It’s these same principles that are cherished in the Bible, but despised by those with a totalitarian agenda.
There is something of the Divine in the act of people of good intent coming together to debate the hard issues. The prophet Isaiah speaks to this when he says the words: “Come now, let us reason together.” And by contrast there is darkness in the act of threatening and intimidating people who wish to engage with each other. Everyone is left poorer by the resultant silence.
The inability of even Islamic academic circles in Britain to hear an Israeli Jew without accommodating or succumbing to threats tells us of the closed and perilous spirit dominating this community.
Reasoned debate is becoming very difficult with some elements of the Islamic community. Pope Benedict XVI discovered this at Regensburg in 2006 when a quote he cited, which did not represent his own views, was taken out of context and sparked unprecedented fury. Of course, we’ve seen this before. European history has its own share of totalitarian takeovers, which typically tend to start with giving way to intimidation.
Rather than bemoan the renewed growth of anti-Semitism in Europe under the guise of hostility to the Jewish state, we could look at a possible explanation.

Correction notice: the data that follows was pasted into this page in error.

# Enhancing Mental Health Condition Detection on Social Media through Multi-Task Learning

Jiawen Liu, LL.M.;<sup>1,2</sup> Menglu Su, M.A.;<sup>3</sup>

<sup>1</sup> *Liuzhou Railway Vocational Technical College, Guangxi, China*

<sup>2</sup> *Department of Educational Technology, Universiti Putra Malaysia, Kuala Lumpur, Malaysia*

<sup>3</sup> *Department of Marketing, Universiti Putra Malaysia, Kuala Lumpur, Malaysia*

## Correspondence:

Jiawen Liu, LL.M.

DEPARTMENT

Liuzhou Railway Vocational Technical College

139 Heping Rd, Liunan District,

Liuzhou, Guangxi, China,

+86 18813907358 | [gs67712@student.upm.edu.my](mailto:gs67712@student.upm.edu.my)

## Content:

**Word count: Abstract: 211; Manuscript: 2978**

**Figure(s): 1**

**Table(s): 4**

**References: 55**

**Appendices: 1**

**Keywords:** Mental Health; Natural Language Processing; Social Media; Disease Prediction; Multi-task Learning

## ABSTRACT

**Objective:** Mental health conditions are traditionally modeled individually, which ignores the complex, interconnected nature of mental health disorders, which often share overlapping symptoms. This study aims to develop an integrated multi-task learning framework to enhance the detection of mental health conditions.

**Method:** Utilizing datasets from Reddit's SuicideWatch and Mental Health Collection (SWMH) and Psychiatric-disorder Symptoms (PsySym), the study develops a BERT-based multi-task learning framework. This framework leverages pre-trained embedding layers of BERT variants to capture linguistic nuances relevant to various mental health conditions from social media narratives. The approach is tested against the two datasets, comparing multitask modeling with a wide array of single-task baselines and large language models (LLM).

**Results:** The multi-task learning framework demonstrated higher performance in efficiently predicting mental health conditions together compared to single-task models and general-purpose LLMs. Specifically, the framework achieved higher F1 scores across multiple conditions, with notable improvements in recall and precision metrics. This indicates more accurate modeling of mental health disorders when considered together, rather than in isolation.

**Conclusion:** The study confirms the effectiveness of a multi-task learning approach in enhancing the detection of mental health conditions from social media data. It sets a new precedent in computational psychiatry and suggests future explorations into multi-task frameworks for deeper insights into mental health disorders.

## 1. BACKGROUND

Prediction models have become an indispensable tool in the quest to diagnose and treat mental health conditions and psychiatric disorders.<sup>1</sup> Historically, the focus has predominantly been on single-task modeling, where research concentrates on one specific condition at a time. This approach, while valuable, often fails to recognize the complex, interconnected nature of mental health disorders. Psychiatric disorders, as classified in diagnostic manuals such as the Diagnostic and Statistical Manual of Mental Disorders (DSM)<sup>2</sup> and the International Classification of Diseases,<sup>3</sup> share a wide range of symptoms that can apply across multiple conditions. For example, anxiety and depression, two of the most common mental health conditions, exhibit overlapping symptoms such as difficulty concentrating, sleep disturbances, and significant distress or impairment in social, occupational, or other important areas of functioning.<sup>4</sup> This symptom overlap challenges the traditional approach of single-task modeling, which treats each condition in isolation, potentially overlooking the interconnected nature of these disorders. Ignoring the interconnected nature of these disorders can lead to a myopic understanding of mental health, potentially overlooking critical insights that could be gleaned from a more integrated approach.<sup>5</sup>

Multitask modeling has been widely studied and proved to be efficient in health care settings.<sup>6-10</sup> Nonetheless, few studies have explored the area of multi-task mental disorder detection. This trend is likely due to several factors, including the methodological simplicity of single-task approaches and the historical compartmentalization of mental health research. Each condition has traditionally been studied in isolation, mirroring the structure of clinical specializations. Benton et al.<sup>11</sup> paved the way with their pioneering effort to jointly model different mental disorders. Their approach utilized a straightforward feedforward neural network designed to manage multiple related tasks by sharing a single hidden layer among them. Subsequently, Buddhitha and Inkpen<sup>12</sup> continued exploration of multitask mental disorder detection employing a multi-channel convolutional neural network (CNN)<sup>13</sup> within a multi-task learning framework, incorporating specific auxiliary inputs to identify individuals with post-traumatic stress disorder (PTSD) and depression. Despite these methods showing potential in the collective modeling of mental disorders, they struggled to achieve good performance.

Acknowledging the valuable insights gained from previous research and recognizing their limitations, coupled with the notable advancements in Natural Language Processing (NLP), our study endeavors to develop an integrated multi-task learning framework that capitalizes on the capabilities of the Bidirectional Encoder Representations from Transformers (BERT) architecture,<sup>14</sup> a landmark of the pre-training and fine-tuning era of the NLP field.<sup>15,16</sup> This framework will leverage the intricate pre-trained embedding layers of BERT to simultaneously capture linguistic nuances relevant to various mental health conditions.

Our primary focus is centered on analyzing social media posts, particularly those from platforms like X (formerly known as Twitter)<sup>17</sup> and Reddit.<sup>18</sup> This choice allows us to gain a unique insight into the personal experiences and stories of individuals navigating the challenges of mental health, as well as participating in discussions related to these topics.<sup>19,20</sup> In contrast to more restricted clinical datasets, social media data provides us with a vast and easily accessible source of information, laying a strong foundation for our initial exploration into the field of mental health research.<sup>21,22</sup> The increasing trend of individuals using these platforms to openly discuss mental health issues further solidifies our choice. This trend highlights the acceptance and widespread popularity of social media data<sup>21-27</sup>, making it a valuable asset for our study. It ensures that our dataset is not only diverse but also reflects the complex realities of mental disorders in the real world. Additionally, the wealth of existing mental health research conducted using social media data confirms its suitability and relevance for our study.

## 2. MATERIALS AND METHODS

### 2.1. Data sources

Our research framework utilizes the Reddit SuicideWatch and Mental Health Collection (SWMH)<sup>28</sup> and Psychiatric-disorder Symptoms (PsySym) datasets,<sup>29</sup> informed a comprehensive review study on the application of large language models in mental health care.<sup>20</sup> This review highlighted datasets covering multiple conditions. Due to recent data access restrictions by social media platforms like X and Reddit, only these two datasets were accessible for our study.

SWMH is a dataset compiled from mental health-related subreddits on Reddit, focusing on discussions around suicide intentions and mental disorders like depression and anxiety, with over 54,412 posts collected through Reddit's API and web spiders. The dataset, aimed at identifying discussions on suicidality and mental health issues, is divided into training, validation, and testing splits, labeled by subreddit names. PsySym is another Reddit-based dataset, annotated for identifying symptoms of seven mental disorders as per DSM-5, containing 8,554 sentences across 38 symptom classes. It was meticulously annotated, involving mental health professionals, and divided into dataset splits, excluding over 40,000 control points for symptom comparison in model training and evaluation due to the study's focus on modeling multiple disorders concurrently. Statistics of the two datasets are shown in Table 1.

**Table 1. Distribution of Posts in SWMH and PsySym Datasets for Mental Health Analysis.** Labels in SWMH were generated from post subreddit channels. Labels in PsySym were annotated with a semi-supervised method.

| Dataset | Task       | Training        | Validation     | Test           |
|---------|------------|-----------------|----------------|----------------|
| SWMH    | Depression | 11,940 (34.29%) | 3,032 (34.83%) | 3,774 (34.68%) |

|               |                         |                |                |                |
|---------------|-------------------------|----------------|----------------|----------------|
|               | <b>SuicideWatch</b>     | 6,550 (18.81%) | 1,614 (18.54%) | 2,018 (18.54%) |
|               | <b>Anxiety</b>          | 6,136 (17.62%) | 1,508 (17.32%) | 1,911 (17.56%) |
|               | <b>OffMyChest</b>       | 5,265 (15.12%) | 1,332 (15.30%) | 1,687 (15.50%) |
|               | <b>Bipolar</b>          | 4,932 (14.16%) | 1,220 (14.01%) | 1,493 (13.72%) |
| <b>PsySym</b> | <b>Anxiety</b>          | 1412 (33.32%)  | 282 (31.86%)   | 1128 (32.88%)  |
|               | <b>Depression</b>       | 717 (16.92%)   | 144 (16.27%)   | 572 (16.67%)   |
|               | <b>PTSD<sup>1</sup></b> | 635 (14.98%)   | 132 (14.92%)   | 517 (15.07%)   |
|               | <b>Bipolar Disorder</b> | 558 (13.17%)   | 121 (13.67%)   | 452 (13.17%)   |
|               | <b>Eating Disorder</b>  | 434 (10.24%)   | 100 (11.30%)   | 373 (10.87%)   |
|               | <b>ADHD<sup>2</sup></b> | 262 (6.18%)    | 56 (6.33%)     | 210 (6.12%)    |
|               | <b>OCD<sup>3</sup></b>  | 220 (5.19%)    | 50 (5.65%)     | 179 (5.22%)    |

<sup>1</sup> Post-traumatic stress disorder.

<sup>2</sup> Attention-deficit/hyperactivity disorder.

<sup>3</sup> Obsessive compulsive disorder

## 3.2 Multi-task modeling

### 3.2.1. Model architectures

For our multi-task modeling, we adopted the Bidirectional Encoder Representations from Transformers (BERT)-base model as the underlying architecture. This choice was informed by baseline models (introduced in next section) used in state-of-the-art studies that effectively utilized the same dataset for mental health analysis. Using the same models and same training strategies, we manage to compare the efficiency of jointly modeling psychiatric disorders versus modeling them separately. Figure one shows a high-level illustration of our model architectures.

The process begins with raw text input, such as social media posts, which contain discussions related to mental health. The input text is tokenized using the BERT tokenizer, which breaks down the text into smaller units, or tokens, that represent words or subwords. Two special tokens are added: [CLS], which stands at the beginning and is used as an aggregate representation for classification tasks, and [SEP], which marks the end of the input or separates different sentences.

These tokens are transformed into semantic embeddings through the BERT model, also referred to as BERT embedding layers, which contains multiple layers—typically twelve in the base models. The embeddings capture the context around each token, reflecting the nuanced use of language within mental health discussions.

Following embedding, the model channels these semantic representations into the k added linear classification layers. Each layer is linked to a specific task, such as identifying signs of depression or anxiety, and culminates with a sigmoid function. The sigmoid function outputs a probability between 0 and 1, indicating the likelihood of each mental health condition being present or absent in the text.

Our governments have spent a generation eroding the Judeo-Christian foundations of European culture, in favor of a brave new world of secular liberalism. I’ve seen the injustice of this strategy first-hand in the British and European courts.
The situation has accelerated since 1997 at an alarming rate, so that today the United Kingdom operates by an inverted human rights agenda and has lost its moral compass. Israel is not the only party in the eye of the storm, but also Christians and generally those who adhere to Judeo-Christian values, and the result is a vacancy which is aiding the growth of Islamist groups throughout Europe.
Courts in the United Kingdom have effectively prevented the wearing of the Christian crucifix, held that the Sunday Sabbath is not a core part of the Christian faith, and have that the belief in marriage (between a man and a woman) and of sexual purity are discriminatory against sexual minorities.